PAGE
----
Nectarines are probably what come to mind when you think of nutritious, juicy fruits. But nectarines are also versatile too, and there are a few ways you can enjoy them.
There are two main types of nectarines, freestones and clingstones and both are delicious!
Nectarines are becoming more widely available as they grow in popularity and can be easily found in most markets.
But if you’ve never had a nectarine before you might be wondering what they taste like. Well, we have the answer! Below you’ll find all you could wish to know about nectarines.
So What Are Nectarines?
Nectarines are like peaches but they don’t have the signature fuzzy skin. Rather, they have smooth, soft skin and a hard stone in their center.
If you’re not too familiar with fruit types, you might confuse them for apricots and plums because they look rather similar, particularly when they’re ripe.
Nectarines are members of the Rosaceae family and are widely grown in warm, temperate climates. Their stone is similar to fuzzy peaches and has white or yellow flesh.
Clingstone peaches stick to the pit – hence the name – and freestones separate from the stones.
Although people mainly eat nectarines when they’re ripe and uncooked, you can also enjoy them cooked.
They’re fabulous for dessert, and you can get really creative with nectarines! They’re a great fruit to experiment with while cooking.
What Is The Flavor Of Nectarines?
Nectarines are delicious and juicy, with whiter nectarines being sweeter and less acidic than yellow nectarines.
When comparing them to other fruits, nectarines naturally have a similar taste to fuzzy peaches, but they are not the same thing.
Nectarines are smaller than peaches and are very fragrant.
Apricots, peaches, and nectarines are quite similar to each other, and it is easy to swap one out for the other by tweaking the quantity you use.
If none of these fruits are available to you, then plums are also an option.
Because they share the same family, many people refer to peaches as nectarines, and this is partly right because technically nectarines are a variety of peach.
You can eat unripe nectarines, but they will be less juicy and tasty. Poached or raw peaches are also edible. Ripe peaches are sweeter and juicier and have an aftertaste that is slightly tangy.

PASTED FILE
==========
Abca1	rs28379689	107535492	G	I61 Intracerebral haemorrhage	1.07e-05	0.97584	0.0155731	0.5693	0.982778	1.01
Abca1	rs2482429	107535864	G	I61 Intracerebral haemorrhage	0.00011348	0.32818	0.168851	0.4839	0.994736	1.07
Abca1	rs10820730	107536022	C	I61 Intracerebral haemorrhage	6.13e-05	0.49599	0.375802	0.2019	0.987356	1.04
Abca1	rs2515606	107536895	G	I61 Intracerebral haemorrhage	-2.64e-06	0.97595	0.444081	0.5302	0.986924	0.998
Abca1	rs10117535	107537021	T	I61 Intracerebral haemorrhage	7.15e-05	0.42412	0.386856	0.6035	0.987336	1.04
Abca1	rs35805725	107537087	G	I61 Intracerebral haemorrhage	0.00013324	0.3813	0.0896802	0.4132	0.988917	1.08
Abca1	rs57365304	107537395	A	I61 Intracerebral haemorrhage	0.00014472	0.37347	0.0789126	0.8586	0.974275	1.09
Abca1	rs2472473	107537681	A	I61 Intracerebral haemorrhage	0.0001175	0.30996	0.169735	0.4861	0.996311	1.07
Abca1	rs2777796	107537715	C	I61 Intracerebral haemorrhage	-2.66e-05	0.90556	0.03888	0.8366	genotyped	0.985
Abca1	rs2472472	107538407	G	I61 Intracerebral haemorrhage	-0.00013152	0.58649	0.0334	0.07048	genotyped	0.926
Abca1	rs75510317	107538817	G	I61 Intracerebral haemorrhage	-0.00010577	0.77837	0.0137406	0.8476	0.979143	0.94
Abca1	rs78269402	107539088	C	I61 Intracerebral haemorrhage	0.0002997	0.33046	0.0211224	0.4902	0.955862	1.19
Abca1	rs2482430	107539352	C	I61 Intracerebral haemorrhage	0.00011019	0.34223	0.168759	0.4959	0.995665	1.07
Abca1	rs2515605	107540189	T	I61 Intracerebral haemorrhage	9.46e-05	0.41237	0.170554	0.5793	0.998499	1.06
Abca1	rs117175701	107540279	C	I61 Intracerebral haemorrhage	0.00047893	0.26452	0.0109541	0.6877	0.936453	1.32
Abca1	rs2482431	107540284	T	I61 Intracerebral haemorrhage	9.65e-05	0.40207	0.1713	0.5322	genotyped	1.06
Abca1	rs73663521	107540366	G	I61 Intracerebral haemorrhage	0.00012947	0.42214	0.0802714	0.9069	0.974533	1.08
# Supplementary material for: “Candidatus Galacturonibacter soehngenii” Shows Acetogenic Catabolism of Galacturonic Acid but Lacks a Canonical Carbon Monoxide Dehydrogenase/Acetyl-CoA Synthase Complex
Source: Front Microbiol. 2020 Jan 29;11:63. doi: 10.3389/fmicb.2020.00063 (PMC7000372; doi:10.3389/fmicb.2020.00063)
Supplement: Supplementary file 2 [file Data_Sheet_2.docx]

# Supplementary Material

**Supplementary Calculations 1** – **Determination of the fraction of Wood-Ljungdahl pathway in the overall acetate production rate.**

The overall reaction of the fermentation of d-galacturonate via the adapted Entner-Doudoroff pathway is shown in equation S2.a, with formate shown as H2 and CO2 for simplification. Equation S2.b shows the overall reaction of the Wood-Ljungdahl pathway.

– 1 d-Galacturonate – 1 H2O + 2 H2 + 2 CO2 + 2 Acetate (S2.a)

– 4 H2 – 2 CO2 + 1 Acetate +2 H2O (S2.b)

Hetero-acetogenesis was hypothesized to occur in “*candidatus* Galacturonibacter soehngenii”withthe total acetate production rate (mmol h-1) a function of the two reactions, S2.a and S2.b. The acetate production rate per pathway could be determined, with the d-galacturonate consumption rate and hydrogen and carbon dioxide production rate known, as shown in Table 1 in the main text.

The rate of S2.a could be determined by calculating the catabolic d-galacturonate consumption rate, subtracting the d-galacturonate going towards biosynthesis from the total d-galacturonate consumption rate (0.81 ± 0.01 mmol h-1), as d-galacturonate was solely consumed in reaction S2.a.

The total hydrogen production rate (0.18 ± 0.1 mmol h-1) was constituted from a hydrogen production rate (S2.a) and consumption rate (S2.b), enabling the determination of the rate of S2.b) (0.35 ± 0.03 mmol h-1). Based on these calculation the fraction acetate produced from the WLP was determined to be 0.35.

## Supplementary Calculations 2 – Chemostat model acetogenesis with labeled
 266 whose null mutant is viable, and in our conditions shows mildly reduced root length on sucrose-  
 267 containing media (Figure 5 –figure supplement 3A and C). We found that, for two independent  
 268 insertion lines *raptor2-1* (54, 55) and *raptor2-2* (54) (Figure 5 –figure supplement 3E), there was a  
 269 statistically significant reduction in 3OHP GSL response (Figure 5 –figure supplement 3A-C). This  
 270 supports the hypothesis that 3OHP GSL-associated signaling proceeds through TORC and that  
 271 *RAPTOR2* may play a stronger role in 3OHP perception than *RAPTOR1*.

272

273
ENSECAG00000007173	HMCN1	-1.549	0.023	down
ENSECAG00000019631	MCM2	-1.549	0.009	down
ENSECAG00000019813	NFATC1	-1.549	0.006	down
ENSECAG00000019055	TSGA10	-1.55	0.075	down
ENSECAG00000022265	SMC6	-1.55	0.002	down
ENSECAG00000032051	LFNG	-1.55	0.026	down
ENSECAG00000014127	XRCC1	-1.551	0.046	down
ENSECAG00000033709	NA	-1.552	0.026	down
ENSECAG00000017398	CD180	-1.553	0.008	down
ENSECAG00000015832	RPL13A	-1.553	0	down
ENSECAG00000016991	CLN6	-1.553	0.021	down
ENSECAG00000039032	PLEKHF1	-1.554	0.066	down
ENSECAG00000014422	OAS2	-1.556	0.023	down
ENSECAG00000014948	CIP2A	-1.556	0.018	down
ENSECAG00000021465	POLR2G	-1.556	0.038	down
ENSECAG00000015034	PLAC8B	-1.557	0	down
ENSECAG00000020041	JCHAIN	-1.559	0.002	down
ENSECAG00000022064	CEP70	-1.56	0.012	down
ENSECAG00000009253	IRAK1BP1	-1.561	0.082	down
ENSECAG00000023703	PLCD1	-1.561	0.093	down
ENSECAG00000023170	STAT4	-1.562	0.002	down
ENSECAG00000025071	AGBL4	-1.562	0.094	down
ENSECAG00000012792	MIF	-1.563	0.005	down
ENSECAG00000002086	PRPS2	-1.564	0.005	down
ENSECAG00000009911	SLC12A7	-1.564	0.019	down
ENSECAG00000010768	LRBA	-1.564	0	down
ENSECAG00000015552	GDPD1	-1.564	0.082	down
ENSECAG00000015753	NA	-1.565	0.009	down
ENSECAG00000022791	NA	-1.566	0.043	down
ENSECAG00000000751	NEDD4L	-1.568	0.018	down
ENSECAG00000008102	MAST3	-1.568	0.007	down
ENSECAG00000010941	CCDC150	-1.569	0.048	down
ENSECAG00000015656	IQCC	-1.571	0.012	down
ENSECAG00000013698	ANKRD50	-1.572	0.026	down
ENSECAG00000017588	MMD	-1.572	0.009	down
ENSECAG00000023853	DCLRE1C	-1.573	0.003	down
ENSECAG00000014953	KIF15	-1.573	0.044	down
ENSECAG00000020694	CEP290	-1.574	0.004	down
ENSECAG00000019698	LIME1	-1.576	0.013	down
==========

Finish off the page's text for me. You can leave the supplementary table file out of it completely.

Nectarines are not just delicious but packed with nutrients such as copper, fiber, potassium, protein, sugar, and vitamins A, B, and C and also have fewer calories than peaches.
This brings us onto our next question…
Are Nectarines Good For You?
Nectarines are packed with important antioxidant compounds like anthocyanins, catechins, ellagic acid, epicatechins, gallic acid, and neochlorogenic acid.
Antioxidants are essential for our bodies as they protect our cells against free radical damage.
Nectarines also have anti-cancer properties that stop the development and spread of some types of cancers.
Nectarines also have a similar nutritional profile to peaches. They’re low in carbohydrates and fat, and the fats found in nectarines consist of polyunsaturated fats and monounsaturated fats.
These types of fats are very good for your heart and promote heart health.
However, proteins are not the richest source of plant protein as they only contain 1.5 grams of protein per serving.
Still, another benefit of nectarines is that they have a low glycemic index of 43, meaning your blood sugar will not spike even when you eat the sweetest nectarine.
Nectarines are also widely beloved to reduce the risk of diabetes, heart disease, and obesity. The antioxidants found in nectarines can reduce blood pressure, cholesterol, vascular inflammation, and boost blood circulation.
Nectarine has a lot of health benefits to offer, but you might be allergic to them. Nectarine allergies are quite rare, but allergies can develop via Oral Allergy Syndrome.
OAS is a phenomenon where the immune system mistakes some food items for pollen that will trigger an allergic reaction.
However, treatment for a nectarine allergy is not normally needed as the symptoms dissipate when you swallow nectarines.
Where Do Nectarines Grow And Where Can You Buy Them?
We can trace the origins of nectarines to China where they were first discovered and later cultivated in Greece, Persia, and Rome.